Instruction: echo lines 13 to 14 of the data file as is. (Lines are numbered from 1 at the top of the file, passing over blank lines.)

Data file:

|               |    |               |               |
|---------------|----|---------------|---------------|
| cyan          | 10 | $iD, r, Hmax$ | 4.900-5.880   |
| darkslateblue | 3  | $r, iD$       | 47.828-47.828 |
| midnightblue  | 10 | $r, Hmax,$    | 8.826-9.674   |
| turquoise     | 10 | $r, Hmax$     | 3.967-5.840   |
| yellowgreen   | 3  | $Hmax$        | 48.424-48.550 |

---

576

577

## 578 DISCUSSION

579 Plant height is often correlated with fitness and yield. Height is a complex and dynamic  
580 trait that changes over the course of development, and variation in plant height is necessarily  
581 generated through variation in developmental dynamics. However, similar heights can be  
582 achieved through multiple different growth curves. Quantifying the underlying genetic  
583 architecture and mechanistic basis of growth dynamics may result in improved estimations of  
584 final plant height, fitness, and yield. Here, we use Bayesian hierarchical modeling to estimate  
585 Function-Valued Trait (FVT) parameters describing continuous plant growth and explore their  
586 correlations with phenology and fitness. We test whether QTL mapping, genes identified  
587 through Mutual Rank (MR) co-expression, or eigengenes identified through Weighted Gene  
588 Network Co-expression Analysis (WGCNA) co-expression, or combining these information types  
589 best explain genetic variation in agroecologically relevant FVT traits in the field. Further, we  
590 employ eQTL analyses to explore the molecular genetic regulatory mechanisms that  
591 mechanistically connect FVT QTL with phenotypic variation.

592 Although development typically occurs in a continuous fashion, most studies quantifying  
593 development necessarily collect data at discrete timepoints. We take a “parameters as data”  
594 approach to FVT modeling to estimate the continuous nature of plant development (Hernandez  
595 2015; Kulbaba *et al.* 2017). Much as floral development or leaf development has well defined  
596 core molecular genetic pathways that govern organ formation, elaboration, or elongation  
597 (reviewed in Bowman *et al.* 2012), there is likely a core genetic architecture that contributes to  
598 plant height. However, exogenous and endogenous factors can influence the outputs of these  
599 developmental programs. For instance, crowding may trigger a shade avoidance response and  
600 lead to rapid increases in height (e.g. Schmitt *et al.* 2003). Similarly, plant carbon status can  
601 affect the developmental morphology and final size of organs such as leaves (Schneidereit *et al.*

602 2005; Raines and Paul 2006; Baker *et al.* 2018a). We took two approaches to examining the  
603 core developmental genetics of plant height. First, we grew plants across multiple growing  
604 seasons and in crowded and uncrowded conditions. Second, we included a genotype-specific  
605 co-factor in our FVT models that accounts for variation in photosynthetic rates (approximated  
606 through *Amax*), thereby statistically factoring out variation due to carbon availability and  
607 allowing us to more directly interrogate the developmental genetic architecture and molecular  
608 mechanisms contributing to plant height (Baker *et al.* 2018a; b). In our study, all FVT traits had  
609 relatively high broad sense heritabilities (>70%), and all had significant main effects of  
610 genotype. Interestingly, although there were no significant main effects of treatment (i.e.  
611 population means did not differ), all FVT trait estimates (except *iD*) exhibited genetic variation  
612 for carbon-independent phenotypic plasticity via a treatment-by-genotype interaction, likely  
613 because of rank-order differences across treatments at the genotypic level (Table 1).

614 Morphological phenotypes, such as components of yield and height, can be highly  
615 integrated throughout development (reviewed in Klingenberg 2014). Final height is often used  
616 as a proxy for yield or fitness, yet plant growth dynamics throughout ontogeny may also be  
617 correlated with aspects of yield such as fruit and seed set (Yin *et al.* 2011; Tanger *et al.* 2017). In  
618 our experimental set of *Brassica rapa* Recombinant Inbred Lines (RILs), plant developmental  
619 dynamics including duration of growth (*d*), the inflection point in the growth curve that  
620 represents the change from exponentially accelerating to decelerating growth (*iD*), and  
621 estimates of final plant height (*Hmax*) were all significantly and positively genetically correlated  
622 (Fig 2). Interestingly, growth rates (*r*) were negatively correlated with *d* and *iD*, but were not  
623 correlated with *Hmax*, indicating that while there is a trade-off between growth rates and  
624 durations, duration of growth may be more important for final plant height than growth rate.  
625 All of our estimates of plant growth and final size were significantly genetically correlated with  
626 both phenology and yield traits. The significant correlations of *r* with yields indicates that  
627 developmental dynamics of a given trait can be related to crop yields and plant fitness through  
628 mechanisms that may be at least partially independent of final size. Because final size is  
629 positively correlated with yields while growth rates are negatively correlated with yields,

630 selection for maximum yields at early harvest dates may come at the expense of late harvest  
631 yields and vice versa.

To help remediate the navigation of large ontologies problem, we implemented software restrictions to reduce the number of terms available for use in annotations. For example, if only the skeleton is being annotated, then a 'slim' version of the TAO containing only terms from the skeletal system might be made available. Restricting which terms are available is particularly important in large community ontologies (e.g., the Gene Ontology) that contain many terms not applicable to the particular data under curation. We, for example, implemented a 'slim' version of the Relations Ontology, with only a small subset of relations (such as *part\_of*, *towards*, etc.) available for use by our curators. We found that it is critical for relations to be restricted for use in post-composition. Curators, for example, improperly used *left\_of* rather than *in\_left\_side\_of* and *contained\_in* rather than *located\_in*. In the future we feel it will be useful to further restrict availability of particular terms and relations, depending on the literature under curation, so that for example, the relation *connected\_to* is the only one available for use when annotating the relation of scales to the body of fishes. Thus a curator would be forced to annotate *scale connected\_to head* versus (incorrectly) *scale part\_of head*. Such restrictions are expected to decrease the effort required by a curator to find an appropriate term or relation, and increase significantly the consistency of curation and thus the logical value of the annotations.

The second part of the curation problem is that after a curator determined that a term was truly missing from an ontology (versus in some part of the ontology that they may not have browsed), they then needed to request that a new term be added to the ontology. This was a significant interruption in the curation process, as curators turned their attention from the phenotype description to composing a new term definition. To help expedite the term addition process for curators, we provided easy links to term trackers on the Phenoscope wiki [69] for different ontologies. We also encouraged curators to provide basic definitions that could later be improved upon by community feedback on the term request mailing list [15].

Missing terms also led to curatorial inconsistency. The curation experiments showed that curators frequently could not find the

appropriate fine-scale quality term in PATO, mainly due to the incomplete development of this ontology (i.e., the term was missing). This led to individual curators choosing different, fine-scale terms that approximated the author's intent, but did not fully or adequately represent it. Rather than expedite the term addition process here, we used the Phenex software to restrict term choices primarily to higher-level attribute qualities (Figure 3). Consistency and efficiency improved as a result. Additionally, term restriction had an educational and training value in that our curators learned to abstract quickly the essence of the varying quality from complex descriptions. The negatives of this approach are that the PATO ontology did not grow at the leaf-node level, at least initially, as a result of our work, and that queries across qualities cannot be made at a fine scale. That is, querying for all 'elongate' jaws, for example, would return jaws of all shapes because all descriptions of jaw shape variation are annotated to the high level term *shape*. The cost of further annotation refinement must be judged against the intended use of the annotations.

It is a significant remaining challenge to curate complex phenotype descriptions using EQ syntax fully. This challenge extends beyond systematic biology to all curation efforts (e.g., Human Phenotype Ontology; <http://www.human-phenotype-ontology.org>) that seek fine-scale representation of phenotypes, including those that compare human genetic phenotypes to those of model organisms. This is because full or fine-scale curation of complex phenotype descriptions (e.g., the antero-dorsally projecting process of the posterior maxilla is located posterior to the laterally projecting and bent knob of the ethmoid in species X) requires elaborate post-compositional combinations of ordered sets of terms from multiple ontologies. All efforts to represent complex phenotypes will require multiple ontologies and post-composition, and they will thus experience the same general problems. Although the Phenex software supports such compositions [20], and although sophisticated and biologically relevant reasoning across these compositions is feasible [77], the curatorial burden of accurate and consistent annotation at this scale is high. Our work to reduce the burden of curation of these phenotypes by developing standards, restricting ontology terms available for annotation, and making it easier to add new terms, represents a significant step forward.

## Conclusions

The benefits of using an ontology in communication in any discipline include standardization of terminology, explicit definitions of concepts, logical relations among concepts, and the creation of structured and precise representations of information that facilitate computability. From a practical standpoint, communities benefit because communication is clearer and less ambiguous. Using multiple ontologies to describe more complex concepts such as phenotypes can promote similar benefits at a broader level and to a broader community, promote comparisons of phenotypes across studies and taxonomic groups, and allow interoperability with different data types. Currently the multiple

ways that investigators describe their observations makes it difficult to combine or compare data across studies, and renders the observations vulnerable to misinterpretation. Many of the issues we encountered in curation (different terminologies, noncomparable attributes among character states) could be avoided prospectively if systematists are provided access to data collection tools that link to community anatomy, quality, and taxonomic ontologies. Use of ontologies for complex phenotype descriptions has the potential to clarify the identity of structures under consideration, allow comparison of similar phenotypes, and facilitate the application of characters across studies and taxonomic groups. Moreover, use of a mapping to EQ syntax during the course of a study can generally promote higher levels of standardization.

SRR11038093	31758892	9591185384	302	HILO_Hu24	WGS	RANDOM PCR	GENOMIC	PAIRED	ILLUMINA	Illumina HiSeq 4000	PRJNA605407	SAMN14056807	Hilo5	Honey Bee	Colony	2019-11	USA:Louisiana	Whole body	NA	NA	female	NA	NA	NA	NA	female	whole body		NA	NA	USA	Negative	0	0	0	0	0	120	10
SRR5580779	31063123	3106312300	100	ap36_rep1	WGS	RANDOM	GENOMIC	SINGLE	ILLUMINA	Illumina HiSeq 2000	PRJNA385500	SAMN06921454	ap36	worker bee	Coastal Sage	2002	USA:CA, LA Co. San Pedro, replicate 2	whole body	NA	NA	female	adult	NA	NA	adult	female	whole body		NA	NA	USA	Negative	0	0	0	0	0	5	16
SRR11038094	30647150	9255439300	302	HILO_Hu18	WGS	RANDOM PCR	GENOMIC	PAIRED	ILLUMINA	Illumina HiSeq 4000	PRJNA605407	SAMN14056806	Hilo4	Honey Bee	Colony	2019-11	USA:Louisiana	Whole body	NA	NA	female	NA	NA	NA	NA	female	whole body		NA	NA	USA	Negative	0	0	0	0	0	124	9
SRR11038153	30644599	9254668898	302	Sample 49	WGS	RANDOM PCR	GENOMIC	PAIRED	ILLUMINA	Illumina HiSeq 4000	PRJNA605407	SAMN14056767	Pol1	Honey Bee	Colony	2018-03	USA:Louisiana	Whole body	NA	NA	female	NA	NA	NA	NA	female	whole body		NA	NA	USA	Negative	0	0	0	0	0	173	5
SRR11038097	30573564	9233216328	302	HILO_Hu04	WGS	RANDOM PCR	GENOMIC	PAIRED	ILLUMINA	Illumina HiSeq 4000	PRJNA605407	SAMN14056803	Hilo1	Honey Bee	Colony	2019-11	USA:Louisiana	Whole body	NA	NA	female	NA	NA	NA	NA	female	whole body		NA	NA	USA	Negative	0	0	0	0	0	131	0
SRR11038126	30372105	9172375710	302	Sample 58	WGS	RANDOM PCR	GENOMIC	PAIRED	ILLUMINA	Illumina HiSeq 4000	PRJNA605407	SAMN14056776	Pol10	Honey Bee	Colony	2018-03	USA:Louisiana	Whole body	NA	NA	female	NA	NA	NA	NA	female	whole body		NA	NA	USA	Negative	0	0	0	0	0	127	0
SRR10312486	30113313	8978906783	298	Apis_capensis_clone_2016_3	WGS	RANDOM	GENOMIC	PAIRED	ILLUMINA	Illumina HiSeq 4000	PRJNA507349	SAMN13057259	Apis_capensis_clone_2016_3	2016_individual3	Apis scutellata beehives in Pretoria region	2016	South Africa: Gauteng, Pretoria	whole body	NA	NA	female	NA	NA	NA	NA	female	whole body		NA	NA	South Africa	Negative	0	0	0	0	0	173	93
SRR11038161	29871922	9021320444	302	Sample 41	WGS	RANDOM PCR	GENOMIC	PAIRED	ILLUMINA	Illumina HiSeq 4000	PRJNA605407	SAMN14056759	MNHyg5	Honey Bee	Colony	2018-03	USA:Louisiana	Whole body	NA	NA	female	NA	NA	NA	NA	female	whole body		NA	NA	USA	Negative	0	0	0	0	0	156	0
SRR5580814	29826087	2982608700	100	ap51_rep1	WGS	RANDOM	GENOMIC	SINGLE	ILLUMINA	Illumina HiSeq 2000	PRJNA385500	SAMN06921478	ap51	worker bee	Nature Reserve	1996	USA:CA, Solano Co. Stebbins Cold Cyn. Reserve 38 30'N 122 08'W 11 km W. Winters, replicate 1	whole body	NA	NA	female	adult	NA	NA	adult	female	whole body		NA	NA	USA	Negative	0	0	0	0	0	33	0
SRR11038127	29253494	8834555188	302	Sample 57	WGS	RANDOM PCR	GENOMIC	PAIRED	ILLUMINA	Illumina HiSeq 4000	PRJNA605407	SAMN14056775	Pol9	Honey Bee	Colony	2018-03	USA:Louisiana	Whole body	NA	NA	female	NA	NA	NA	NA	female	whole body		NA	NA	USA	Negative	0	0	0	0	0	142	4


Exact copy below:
580 trait that changes over the course of development, and variation in plant height is necessarily  
581 generated through variation in developmental dynamics. However, similar heights can be  